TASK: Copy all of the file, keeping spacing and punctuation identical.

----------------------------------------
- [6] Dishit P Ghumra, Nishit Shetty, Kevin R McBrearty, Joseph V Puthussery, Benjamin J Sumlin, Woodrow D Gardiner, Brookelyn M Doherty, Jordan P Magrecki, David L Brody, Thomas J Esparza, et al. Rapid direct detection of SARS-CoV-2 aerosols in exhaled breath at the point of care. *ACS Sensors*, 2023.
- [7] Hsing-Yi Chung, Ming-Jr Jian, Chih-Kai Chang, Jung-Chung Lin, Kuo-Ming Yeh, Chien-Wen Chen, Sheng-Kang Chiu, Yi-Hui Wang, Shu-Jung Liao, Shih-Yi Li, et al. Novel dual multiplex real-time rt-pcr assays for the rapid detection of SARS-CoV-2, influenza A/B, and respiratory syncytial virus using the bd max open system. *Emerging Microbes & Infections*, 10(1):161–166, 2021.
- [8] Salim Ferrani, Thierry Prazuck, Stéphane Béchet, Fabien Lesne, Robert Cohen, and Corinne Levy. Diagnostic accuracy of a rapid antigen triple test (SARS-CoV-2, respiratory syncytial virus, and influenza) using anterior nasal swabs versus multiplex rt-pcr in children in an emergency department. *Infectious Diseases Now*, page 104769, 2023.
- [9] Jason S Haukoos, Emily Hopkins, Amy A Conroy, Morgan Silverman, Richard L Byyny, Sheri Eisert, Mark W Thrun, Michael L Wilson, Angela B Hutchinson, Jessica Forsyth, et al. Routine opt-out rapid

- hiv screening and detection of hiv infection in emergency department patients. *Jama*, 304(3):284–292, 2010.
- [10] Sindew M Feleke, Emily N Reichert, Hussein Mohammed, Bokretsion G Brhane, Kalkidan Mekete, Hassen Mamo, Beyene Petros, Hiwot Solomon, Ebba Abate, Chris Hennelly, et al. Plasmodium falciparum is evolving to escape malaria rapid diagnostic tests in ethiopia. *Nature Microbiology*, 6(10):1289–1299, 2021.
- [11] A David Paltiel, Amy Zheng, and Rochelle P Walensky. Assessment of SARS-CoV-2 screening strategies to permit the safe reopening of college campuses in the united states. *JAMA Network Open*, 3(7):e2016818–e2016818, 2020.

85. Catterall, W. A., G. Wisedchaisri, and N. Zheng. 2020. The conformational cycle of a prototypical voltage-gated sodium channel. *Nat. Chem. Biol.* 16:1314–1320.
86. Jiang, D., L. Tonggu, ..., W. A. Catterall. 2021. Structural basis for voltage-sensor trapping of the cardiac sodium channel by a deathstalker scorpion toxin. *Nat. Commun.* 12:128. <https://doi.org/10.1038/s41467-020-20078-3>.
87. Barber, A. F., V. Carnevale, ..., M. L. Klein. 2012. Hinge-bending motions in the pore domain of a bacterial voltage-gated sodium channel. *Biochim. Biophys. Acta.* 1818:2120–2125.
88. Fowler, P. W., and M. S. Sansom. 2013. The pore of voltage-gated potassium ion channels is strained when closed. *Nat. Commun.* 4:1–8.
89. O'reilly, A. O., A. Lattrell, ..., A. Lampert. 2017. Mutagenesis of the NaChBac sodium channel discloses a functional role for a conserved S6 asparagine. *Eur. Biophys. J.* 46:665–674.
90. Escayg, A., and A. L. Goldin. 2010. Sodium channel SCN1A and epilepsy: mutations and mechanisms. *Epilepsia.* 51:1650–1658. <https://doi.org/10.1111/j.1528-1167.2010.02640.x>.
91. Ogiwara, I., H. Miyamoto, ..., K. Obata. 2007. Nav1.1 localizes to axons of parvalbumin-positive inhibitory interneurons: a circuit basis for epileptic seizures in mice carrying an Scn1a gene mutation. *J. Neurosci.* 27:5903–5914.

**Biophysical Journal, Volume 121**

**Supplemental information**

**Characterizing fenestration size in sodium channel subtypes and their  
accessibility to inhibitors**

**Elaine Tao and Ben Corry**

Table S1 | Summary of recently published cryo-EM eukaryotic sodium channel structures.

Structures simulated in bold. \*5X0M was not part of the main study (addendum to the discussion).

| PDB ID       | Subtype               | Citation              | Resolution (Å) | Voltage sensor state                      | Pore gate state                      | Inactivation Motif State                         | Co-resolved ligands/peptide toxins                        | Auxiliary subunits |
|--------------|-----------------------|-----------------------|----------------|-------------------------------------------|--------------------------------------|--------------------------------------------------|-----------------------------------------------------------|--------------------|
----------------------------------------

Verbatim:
- [6] Dishit P Ghumra, Nishit Shetty, Kevin R McBrearty, Joseph V Puthussery, Benjamin J Sumlin, Woodrow D Gardiner, Brookelyn M Doherty, Jordan P Magrecki, David L Brody, Thomas J Esparza, et al. Rapid direct detection of SARS-CoV-2 aerosols in exhaled breath at the point of care. *ACS Sensors*, 2023.
- [7] Hsing-Yi Chung, Ming-Jr Jian, Chih-Kai Chang, Jung-Chung Lin, Kuo-Ming Yeh, Chien-Wen Chen, Sheng-Kang Chiu, Yi-Hui Wang, Shu-Jung Liao, Shih-Yi Li, et al. Novel dual multiplex real-time rt-pcr assays for the rapid detection of SARS-CoV-2, influenza A/B, and respiratory syncytial virus using the bd max open system. *Emerging Microbes & Infections*, 10(1):161–166, 2021.
- [8] Salim Ferrani, Thierry Prazuck, Stéphane Béchet, Fabien Lesne, Robert Cohen, and Corinne Levy. Diagnostic accuracy of a rapid antigen triple test (SARS-CoV-2, respiratory syncytial virus, and influenza) using anterior nasal swabs versus multiplex rt-pcr in children in an emergency department. *Infectious Diseases Now*, page 104769, 2023.
- [9] Jason S Haukoos, Emily Hopkins, Amy A Conroy, Morgan Silverman, Richard L Byyny, Sheri Eisert, Mark W Thrun, Michael L Wilson, Angela B Hutchinson, Jessica Forsyth, et al. Routine opt-out rapid

- hiv screening and detection of hiv infection in emergency department patients. *Jama*, 304(3):284–292, 2010.
- [10] Sindew M Feleke, Emily N Reichert, Hussein Mohammed, Bokretsion G Brhane, Kalkidan Mekete, Hassen Mamo, Beyene Petros, Hiwot Solomon, Ebba Abate, Chris Hennelly, et al. Plasmodium falciparum is evolving to escape malaria rapid diagnostic tests in ethiopia. *Nature Microbiology*, 6(10):1289–1299, 2021.
- [11] A David Paltiel, Amy Zheng, and Rochelle P Walensky. Assessment of SARS-CoV-2 screening strategies to permit the safe reopening of college campuses in the united states. *JAMA Network Open*, 3(7):e2016818–e2016818, 2020.

85. Catterall, W. A., G. Wisedchaisri, and N. Zheng. 2020. The conformational cycle of a prototypical voltage-gated sodium channel. *Nat. Chem. Biol.* 16:1314–1320.
86. Jiang, D., L. Tonggu, ..., W. A. Catterall. 2021. Structural basis for voltage-sensor trapping of the cardiac sodium channel by a deathstalker scorpion toxin. *Nat. Commun.* 12:128. <https://doi.org/10.1038/s41467-020-20078-3>.
87. Barber, A. F., V. Carnevale, ..., M. L. Klein. 2012. Hinge-bending motions in the pore domain of a bacterial voltage-gated sodium channel. *Biochim. Biophys. Acta.* 1818:2120–2125.
88. Fowler, P. W., and M. S. Sansom. 2013. The pore of voltage-gated potassium ion channels is strained when closed. *Nat. Commun.* 4:1–8.
89. O'reilly, A. O., A. Lattrell, ..., A. Lampert. 2017. Mutagenesis of the NaChBac sodium channel discloses a functional role for a conserved S6 asparagine. *Eur. Biophys. J.* 46:665–674.
90. Escayg, A., and A. L. Goldin. 2010. Sodium channel SCN1A and epilepsy: mutations and mechanisms. *Epilepsia.* 51:1650–1658. <https://doi.org/10.1111/j.1528-1167.2010.02640.x>.
91. Ogiwara, I., H. Miyamoto, ..., K. Obata. 2007. Nav1.1 localizes to axons of parvalbumin-positive inhibitory interneurons: a circuit basis for epileptic seizures in mice carrying an Scn1a gene mutation. *J. Neurosci.* 27:5903–5914.

**Biophysical Journal, Volume 121**

**Supplemental information**

**Characterizing fenestration size in sodium channel subtypes and their  
accessibility to inhibitors**

**Elaine Tao and Ben Corry**

Table S1 | Summary of recently published cryo-EM eukaryotic sodium channel structures.

Structures simulated in bold. \*5X0M was not part of the main study (addendum to the discussion).

| PDB ID       | Subtype               | Citation              | Resolution (Å) | Voltage sensor state                      | Pore gate state                      | Inactivation Motif State                         | Co-resolved ligands/peptide toxins                        | Auxiliary subunits |
|--------------|-----------------------|-----------------------|----------------|-------------------------------------------|--------------------------------------|--------------------------------------------------|-----------------------------------------------------------|--------------------|